One of the best parts of earnings season is that it’s a great time for relationship-based trading. The volatility brought on by one company’s quarterly report can often cause related companies to trade in tandem.
For example, if Macy’s reports a weak holiday sales season, shares of a peer like Kohl’s will likely trade lower on the news. It’s not that Kohl’s investors have literal sympathy for Macy’s, it’s that they’re extrapolating information they get from Macy’s and applying it to Kohl’s stock. If Macy’s had a bad holiday shopping season, the logic goes that Kohl’s likely had one too.
This isn’t true 100% of the time, but the pattern is common enough to make it worth paying attention to.
There have been plenty of sympathy trades this earnings season alone. PepsiCo traded higher on its earnings beat on July 10, which is why Coca-Cola traded higher on the day. Shares of Domino’s Pizza trade down after it’s earnings report on July 19, which caused Papa John’s to trade lower.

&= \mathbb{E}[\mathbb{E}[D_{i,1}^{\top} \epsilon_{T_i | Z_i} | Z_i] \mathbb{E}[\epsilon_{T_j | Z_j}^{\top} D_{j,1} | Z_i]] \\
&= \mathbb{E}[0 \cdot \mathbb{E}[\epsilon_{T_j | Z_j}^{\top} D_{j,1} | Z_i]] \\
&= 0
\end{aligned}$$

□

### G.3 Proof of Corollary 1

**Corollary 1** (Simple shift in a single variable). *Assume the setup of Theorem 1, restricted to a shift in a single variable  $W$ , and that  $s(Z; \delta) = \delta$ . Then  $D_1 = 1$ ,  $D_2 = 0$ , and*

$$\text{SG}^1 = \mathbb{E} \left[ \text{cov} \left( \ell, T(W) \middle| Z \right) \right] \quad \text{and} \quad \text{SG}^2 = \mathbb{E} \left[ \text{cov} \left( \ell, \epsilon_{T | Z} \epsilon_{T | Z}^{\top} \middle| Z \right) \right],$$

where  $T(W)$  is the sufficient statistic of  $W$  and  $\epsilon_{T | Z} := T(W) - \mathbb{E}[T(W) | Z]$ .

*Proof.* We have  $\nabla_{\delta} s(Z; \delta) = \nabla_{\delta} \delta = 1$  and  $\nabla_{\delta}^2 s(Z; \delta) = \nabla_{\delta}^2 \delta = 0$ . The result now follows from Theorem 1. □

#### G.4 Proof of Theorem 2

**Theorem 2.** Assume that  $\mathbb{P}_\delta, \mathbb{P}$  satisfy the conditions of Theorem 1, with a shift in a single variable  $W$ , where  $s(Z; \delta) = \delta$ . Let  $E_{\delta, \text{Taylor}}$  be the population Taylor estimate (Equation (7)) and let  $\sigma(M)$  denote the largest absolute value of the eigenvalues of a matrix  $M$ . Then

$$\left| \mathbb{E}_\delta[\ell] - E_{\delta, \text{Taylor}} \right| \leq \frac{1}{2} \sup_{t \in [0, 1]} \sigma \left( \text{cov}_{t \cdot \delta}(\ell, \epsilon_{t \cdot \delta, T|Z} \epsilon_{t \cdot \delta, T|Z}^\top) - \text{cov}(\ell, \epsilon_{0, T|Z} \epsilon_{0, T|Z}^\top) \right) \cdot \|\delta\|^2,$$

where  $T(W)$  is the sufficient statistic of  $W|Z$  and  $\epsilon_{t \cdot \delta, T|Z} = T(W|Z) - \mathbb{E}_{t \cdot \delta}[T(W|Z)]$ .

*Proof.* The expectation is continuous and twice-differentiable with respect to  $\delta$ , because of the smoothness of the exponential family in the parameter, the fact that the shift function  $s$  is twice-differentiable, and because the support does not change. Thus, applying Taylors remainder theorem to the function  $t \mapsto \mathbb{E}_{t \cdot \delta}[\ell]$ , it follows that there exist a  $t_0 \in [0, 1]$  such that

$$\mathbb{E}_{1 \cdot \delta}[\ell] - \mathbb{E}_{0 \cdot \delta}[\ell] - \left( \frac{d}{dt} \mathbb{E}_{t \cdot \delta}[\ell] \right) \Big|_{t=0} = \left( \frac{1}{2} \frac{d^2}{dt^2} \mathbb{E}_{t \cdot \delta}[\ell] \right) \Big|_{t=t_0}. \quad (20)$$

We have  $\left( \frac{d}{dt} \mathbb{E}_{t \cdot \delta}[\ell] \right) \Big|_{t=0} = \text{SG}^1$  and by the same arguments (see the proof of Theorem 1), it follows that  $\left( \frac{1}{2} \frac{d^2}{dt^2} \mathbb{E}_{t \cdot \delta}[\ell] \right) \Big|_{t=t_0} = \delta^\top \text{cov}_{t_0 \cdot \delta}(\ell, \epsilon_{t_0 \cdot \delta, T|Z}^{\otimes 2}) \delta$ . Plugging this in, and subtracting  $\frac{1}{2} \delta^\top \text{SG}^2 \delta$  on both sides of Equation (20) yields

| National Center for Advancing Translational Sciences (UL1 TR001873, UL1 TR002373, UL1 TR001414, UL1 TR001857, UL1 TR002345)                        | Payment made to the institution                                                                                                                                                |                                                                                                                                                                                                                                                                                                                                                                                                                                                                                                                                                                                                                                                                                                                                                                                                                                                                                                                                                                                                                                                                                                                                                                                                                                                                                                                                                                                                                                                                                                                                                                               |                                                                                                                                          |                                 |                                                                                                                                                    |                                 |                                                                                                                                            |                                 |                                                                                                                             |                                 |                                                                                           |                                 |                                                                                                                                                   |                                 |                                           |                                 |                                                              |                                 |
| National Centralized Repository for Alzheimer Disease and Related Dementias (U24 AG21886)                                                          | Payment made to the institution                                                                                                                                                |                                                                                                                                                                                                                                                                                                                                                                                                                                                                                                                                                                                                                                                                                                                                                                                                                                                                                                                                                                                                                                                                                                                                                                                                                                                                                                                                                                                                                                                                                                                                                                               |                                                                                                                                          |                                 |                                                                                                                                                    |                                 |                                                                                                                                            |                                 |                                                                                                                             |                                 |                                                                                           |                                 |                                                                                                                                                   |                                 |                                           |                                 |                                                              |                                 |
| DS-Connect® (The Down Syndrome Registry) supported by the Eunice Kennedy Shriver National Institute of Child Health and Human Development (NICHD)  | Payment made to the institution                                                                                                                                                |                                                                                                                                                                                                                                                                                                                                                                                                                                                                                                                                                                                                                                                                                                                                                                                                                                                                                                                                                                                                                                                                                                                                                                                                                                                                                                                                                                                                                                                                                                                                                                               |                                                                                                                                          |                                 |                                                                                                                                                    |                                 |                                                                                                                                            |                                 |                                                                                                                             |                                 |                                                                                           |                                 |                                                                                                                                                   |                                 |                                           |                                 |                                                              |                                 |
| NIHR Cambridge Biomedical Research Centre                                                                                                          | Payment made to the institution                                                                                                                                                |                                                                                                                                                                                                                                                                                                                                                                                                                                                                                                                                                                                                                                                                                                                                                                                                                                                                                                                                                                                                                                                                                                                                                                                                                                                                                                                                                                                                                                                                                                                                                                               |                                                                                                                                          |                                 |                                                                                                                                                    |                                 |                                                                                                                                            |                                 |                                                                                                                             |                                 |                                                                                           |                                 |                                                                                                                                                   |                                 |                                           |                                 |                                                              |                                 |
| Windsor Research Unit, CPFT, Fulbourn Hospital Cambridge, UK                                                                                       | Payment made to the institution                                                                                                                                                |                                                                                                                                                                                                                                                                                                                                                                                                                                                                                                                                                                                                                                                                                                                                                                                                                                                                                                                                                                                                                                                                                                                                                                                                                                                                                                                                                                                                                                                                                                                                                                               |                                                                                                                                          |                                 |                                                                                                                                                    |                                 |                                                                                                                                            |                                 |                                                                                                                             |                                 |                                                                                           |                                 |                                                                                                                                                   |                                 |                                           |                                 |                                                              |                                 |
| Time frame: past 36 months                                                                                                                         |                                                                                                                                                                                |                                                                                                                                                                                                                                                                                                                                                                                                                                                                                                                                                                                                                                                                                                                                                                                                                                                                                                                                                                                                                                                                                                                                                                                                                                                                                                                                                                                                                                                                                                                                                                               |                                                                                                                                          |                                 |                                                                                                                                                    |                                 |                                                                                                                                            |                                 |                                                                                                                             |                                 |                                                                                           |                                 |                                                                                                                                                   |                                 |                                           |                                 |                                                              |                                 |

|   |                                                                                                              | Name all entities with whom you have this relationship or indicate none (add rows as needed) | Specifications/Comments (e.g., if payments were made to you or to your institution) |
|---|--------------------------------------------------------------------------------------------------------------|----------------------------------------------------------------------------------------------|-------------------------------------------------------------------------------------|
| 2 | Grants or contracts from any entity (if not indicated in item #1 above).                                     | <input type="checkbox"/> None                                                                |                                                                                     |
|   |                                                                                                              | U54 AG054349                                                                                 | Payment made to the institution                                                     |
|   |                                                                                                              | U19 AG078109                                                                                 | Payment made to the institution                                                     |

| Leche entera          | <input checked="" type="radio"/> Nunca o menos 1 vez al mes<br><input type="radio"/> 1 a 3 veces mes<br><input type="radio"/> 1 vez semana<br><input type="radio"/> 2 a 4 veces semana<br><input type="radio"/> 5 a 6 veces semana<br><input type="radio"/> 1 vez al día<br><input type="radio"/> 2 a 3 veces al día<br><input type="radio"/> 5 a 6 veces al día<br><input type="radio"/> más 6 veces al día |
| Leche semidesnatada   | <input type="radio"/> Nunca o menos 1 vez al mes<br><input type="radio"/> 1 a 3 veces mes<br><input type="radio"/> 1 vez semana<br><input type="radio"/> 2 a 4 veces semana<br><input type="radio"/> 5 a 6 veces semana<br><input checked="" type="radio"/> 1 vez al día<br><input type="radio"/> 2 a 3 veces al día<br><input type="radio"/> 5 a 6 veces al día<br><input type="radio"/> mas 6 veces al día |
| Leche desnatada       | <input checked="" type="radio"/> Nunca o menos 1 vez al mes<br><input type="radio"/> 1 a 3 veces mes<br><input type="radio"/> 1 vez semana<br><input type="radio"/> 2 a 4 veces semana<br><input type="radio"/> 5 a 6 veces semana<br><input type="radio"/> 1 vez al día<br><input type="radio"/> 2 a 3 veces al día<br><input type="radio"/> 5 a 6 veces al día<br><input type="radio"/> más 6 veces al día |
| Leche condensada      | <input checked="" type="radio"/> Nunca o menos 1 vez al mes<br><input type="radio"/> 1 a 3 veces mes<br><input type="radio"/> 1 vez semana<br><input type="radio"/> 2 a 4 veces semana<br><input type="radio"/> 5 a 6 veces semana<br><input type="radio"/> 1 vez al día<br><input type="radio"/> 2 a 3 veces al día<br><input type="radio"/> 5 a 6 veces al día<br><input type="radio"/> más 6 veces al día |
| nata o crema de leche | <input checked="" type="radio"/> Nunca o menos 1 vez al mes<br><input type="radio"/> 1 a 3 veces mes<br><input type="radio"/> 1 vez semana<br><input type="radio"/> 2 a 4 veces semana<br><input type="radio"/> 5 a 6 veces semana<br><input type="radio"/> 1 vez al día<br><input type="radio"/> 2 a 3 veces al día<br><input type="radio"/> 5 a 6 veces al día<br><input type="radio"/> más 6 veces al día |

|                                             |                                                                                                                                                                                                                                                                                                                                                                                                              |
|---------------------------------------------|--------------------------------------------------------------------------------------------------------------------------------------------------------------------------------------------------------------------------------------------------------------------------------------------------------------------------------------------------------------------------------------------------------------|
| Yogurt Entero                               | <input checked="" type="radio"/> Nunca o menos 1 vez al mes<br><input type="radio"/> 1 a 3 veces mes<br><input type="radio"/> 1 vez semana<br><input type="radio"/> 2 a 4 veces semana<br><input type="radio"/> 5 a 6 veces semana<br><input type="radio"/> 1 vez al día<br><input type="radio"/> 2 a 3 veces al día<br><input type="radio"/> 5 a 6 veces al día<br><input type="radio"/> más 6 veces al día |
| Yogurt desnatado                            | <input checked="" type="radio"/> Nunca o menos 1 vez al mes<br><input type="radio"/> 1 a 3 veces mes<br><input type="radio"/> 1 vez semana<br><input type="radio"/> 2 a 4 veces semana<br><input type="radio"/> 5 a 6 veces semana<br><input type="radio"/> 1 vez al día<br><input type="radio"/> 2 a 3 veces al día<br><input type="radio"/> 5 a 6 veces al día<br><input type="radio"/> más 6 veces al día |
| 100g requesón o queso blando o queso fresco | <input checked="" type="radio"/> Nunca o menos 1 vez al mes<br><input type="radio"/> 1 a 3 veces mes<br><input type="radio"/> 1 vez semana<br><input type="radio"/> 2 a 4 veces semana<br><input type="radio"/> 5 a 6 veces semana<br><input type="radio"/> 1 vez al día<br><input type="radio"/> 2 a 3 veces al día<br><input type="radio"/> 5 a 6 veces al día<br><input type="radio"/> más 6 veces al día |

Sometimes, several companies in the same industry will report earnings very close to each other or on the same day. Bank of America reported a stellar quarter on July 16, and Wells Fargo, Citigroup and JPMorgan—which had all reported on July 13—all opened the day much higher.
But there’s more to sympathy trading than identifying similar companies. Sometimes, what’s bad for one company is good for another. For example, if Verizon reports that it has lost U.S. wireless subscribers in the second quarter, that could be good news for T-Mobile or AT&T. Now, this isn’t a guarantee, so it’s important to wait and see what a company actually says in its report.
Here are a couple of potential sympathy trading ideas for companies that report earnings in the coming days:
-Electronic Arts reports earnings next week, which could move peer stocks Activision Blizzard and Take-Two Interactive.
-General Motors reports Wednesday morning ahead of Ford on Wednesday afternoon.
-American Airlines and Southwest Airlines report earnings on Thursday, which could impact Spirit Airlines and JetBlue.
Disclosure: the author holds no position in the stocks mentioned.
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